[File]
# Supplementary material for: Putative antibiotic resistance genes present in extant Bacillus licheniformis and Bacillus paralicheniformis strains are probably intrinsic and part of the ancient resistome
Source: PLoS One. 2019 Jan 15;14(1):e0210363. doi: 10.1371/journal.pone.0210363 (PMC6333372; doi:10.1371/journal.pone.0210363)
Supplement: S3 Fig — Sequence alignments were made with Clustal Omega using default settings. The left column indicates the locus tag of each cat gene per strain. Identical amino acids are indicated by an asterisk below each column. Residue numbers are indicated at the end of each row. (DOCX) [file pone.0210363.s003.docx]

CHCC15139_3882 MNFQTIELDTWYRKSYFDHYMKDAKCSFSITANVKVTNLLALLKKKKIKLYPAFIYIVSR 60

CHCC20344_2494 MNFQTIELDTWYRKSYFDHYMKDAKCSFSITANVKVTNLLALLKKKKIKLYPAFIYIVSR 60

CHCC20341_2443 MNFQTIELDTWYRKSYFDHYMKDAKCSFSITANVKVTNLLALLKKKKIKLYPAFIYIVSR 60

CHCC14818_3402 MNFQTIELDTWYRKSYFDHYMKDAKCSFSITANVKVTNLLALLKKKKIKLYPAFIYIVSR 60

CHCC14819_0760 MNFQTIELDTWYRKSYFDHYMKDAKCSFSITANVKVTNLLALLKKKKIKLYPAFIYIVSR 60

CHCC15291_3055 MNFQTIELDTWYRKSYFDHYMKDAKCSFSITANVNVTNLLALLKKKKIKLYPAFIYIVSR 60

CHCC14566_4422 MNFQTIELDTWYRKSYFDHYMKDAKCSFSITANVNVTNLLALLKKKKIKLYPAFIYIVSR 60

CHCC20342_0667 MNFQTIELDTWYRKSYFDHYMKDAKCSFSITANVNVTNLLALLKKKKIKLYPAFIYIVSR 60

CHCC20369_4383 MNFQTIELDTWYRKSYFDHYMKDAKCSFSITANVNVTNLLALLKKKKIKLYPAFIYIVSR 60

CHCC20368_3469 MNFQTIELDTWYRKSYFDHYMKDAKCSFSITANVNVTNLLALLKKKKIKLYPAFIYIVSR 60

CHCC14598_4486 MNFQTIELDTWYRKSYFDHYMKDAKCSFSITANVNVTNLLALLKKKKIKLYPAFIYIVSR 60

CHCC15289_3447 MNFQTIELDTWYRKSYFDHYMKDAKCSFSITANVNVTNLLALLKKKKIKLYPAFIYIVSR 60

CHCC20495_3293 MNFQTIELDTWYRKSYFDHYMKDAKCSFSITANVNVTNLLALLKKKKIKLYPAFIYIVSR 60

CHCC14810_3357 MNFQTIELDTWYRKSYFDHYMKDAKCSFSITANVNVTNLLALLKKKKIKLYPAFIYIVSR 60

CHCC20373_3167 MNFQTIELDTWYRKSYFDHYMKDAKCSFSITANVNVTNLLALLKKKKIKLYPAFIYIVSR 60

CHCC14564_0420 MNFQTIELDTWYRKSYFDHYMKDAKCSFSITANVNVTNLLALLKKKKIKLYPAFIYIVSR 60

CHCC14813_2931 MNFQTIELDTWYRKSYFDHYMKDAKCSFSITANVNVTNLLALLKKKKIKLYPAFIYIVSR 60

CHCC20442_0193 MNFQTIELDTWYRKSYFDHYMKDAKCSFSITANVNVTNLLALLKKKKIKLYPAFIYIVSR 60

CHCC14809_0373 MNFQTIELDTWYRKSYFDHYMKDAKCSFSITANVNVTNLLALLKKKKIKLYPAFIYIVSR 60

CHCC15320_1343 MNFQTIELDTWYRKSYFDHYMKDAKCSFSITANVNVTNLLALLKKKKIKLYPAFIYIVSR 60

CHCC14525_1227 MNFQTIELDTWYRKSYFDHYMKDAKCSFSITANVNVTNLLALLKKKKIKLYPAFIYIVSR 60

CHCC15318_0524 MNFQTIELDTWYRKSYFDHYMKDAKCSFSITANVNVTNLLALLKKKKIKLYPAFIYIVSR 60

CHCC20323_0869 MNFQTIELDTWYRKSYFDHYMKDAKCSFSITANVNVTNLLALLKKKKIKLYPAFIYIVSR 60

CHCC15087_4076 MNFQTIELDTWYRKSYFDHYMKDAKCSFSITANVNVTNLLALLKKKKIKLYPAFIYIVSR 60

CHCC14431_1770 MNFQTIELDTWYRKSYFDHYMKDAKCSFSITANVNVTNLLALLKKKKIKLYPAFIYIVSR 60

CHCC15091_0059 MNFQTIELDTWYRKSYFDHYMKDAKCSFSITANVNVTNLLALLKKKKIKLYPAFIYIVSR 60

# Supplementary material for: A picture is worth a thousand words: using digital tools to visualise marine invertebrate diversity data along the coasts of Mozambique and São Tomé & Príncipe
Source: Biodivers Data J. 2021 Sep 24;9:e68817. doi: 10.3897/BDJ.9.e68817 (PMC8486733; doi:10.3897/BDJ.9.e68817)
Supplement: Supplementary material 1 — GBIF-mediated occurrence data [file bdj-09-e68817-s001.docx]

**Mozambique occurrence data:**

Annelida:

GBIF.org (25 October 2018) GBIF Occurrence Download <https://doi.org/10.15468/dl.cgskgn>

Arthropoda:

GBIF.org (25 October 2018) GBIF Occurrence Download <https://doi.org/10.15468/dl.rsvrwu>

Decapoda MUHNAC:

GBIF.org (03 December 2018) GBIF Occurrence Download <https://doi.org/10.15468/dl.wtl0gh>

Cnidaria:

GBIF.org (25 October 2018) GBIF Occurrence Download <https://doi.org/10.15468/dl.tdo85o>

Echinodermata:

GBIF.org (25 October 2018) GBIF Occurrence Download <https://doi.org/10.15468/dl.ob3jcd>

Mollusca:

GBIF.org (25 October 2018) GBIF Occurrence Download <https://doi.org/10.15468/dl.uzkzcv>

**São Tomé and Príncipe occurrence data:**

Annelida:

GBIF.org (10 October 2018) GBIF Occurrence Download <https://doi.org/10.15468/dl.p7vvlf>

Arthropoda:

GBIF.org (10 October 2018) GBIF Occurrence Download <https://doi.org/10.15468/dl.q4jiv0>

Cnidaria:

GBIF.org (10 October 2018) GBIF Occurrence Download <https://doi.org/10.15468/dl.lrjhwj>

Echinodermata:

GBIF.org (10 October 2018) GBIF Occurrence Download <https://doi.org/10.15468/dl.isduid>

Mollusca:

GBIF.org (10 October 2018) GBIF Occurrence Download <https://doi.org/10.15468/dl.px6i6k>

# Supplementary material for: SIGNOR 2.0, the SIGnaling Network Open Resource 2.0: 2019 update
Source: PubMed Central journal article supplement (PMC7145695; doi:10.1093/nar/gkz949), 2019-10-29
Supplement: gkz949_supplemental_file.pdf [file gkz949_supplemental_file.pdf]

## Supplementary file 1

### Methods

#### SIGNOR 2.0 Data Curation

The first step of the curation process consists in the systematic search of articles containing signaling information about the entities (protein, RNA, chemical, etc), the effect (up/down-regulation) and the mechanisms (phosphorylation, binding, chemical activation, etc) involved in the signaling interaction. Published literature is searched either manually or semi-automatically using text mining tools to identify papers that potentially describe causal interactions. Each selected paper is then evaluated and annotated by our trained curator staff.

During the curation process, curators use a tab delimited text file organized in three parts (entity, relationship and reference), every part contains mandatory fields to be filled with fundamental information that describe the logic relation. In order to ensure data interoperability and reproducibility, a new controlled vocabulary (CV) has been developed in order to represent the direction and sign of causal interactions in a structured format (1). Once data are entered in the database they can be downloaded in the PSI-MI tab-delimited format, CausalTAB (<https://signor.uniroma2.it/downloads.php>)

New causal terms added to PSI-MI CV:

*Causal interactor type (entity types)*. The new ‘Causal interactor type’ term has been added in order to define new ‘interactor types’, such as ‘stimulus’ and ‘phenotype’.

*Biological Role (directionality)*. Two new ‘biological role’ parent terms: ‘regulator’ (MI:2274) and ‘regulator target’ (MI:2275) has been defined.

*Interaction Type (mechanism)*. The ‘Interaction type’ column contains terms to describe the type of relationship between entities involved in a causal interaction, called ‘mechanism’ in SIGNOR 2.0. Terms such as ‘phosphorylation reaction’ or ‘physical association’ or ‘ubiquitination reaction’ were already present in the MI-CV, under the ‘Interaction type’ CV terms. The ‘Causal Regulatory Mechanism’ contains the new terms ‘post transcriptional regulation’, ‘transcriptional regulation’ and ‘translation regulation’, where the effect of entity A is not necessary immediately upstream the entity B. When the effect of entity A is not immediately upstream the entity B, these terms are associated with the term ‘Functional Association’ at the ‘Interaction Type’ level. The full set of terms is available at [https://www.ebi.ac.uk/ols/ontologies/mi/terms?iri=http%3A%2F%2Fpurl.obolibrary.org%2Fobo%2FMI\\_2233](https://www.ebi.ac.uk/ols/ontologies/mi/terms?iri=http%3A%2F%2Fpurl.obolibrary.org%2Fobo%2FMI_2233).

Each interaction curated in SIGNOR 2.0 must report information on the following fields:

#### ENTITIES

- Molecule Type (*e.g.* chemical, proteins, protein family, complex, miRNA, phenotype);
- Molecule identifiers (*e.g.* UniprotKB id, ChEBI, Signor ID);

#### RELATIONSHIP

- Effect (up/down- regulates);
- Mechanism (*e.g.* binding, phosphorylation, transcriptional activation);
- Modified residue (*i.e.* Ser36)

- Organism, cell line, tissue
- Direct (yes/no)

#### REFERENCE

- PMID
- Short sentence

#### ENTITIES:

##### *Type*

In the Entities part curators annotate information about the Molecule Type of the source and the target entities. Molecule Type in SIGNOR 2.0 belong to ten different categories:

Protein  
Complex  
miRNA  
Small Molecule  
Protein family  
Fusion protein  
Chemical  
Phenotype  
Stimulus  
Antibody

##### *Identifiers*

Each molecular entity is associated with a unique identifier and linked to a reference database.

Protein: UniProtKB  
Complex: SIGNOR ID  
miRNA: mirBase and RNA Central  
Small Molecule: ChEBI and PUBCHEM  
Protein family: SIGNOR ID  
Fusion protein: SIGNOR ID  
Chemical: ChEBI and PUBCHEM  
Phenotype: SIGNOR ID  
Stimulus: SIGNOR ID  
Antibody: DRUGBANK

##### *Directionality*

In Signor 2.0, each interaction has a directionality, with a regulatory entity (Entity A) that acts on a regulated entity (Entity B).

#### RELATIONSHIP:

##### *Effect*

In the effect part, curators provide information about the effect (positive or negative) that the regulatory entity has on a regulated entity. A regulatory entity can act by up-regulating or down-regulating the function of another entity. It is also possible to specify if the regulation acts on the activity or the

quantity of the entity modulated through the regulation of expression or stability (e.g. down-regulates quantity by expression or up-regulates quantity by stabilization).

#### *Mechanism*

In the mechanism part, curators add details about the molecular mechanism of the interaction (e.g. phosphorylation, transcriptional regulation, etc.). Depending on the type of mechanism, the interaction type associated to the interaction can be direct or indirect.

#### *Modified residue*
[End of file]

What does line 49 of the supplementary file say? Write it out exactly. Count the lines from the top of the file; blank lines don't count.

Arthropoda: